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Clean air and total hip arthroplasty

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Abstract

The concept of clean air is of common interest to the ecologist and the surgeon, although the adjective clean has a somewhat different connotation to each of these scientists. Attached to the concept of clean air and laminar air flow is an unfortunate emotional connotation. One must separate fact from hypothesis and attribute to these clean air systems only those facts we know. If unproved features are dogmatically attributed to the clean air systems, they will detract from what appears to be a logical, useful, and efficient adjunct in reducing bacterial contamination of surgical wounds.

The orthopaedist’s interest in clean air was further stimulated when total hip replacement arthroplasty was developed for the treatment of diseases of the hip. An infection in the total hip replacement arthroplasty site results in total failure of the operation. This is in contrast to the usually excellent results seen with this operation. Also, total hip replacement arthroplasty may be a more sensitive indicator of infection than many commonly used laboratory bacterial testing systems. The large dead space surrounding the operative area, and the small amount of living tissue in contact with the large endoprosthesis are factors that encourage bacterial growth. Furthermore, materials such as methyl methacrylate and high density polyethylene, which are not entirely inert, add to the likelihood of infection.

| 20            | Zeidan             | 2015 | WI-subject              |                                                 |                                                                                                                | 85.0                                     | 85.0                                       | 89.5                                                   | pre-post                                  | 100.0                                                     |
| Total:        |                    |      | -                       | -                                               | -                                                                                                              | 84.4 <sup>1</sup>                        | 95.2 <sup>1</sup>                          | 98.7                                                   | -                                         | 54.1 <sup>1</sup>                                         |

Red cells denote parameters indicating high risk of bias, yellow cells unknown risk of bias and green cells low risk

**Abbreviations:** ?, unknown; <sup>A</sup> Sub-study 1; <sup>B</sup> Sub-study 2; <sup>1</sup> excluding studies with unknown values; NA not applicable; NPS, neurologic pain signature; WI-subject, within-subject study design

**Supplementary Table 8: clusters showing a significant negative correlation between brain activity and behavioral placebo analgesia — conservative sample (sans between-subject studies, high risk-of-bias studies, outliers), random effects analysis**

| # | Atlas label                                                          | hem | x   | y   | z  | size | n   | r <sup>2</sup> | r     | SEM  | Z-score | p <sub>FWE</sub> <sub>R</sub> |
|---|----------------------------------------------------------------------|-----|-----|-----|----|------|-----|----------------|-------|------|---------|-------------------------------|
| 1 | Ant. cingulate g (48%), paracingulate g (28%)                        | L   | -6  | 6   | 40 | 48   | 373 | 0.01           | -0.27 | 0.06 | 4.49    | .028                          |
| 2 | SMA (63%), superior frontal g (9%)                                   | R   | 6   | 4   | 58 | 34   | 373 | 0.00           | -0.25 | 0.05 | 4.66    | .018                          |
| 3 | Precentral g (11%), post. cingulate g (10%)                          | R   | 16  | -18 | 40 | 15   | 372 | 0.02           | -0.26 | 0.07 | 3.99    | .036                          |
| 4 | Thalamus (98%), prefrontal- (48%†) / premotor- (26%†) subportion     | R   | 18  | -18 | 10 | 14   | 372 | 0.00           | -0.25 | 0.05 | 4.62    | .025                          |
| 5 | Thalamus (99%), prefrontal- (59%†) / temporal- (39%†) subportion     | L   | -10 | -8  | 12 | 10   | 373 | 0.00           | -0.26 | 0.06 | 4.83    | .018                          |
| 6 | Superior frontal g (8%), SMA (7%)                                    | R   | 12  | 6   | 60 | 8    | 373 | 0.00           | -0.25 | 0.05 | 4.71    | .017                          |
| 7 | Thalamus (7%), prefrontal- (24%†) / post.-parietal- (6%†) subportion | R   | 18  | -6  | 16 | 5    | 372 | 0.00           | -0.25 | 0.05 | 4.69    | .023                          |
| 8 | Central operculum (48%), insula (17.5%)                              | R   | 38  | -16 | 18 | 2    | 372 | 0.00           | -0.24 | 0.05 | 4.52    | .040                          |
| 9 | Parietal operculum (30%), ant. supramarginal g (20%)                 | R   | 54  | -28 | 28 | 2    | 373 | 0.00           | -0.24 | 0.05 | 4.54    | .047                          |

Historical considerations

In considering the merits of the clean air system as used in total hip replacement arthroplasty, the historical background of infections and past attempts to eradicate infection should be reviewed. Lister1. . .


 

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